Smoking vs Asthma

Asthma Deaths, 2000; and Smoking Among Adults, 2001 - 2003 State Profiles, CDC

And, although the anti-smoking propagandists keep the public in the dark, the belief that things like smoking and pollution cause asthma has even lost credibility among experts. Not even the author of the EPA ETS report chapters on asthma, Dr. Fernando Martinez of the University of Arizona, believes in the garbage that he wrote any more. Quote: "Like most people, I assumed tobacco smoke and pollution were the problem -- this was the politically correct way to think. But these factors turned out not to play a major role. In high-pollution areas, in low-pollution areas, among all ethnic groups, there was asthma. Clearly, something else was involved." (Does Civilization Cause Asthma? By Ellen Ruppel Shell. The Atlantic Monthly, 2000 May;285(5):90-100, page 94.)

Shell, The Atlantic Monthly, May 2000 (partial) / UCSF (pdf, 2pp)
Shell, May 2000 / The Atlantic Monthly

(This is not to say that the new politically correct belief, the "hygiene hypothesis" that there is more asthma because people are not exposed to enough pathogens as children (!), is any better than the old beliefs. Inner-city blacks, who have the highest rates of asthma, do not suffer from any deprivation of exposure to germs. And the increase in death rates occurred among the elderly at the same time it occurred among the young.) Martinez was the author of the 1992 EPA ETS report Chapter 7, Passive Smoking and Respiratory Disorders Other Than Lung Cancer, and Chapter 8 (with co-author Steven P. Bayard), Assessment of Increased Risk for Respiratory Illnesses.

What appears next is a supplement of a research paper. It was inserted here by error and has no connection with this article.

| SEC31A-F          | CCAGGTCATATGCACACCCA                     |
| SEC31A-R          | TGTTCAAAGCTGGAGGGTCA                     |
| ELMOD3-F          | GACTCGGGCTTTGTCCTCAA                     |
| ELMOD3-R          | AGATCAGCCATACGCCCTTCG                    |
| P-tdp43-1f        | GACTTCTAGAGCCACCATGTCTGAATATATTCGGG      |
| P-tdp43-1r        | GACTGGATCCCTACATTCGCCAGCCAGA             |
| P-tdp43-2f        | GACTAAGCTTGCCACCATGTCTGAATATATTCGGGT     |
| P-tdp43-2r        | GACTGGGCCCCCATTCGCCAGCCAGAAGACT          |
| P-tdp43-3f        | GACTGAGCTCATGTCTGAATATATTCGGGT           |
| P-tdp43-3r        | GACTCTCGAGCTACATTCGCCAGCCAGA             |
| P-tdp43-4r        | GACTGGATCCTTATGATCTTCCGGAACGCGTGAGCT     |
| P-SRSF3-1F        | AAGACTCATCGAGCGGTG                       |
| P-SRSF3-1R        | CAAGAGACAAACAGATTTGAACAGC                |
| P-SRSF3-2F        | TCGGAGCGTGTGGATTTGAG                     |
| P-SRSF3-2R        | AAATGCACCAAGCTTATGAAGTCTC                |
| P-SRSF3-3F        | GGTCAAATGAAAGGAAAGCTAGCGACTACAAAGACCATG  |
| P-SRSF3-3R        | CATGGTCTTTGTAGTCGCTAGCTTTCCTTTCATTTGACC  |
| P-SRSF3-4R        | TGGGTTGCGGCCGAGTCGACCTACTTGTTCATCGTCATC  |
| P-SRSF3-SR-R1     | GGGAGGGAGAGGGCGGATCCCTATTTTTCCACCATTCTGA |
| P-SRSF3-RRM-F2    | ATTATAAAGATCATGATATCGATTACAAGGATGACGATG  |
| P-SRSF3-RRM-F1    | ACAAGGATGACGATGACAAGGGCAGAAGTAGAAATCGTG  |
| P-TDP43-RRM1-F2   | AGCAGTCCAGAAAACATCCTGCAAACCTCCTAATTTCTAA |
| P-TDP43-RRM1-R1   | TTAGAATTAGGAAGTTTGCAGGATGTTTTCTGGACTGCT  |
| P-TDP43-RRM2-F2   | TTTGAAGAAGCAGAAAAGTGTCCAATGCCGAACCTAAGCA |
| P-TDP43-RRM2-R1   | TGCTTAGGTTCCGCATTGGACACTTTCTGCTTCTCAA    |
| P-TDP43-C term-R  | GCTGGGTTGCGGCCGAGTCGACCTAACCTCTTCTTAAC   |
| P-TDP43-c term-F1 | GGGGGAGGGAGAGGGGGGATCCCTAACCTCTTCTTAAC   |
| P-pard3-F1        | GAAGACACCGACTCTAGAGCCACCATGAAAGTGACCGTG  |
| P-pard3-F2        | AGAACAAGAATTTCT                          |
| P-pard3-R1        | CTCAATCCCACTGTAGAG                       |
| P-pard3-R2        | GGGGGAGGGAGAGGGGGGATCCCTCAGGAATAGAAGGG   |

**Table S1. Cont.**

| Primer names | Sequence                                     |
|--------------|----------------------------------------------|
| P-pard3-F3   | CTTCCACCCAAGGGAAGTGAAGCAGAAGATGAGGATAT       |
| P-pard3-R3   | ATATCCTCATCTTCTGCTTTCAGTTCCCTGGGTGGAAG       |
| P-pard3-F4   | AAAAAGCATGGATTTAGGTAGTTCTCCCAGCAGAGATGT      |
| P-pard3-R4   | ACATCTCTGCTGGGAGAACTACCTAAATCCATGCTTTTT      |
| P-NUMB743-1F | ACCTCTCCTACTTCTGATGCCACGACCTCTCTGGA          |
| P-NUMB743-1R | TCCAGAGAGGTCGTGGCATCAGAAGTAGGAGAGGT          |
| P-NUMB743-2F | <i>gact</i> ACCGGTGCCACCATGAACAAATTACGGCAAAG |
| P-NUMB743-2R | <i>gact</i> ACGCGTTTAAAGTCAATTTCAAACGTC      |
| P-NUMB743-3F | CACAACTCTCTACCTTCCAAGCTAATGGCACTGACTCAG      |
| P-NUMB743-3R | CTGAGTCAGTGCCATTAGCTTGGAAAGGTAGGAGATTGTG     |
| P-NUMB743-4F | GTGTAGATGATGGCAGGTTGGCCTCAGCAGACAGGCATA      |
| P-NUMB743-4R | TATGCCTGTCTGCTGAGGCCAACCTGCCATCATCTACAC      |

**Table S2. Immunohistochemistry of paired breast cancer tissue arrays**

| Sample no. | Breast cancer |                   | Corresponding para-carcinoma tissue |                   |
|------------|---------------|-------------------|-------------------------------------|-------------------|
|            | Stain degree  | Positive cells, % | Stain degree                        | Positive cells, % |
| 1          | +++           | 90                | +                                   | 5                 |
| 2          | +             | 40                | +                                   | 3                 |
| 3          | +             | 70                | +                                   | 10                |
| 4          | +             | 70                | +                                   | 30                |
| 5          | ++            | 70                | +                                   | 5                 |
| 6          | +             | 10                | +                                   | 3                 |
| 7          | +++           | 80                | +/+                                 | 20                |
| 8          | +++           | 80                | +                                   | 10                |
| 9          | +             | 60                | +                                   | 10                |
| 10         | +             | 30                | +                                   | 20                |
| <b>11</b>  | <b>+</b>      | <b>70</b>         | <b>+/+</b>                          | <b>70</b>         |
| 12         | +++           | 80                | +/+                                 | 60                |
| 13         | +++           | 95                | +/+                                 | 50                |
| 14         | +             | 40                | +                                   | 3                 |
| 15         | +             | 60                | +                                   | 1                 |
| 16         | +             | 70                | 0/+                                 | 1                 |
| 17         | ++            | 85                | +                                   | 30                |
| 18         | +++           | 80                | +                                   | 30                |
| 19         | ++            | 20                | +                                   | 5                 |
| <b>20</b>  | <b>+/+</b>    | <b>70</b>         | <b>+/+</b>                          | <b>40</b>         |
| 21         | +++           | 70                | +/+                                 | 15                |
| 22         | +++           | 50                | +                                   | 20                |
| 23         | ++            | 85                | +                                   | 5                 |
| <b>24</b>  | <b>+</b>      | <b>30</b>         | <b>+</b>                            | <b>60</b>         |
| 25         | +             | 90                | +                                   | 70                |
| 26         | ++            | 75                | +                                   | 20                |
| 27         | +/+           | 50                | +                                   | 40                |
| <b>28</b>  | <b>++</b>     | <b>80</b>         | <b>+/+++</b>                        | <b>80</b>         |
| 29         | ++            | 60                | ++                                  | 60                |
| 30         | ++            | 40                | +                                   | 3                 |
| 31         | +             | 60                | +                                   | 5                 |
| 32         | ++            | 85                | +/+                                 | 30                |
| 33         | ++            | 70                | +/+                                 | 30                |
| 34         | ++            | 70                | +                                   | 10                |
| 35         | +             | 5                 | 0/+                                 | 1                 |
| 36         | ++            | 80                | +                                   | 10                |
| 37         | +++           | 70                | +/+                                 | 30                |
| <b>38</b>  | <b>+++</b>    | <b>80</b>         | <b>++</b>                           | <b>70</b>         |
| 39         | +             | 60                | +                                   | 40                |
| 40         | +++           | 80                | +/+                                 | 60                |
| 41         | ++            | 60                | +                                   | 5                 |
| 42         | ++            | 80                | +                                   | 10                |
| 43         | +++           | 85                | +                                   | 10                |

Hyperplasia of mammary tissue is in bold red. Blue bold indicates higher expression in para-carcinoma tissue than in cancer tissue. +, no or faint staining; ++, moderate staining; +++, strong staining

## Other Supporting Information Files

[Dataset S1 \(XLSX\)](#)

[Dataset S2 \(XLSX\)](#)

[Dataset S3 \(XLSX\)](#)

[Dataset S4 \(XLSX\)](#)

There were cracks in the wall at the 1999 conference of the American Lung Association / American Thoracic Society as well.

"Most asthma, especially in children, appears to involve allergic inflammation of the airways mucosa. But clinicians have long suspected that viral infection of the respiratory tract might be important not only as a cause of asthma exacerbations, but perhaps also as a cause or contributor to the pathogenesis of asthma itself." "Until recently, bacterial pathogens were not suspected as important contributors to asthma, except for a handful of epidemiological investigators who noted a strong association between serological evidence of infection with Chlamydia pneumoniae and asthma." (Homer A. Boushey, MD, "The role of infections in asthma," ALA-ATS Conference 1999. Link died,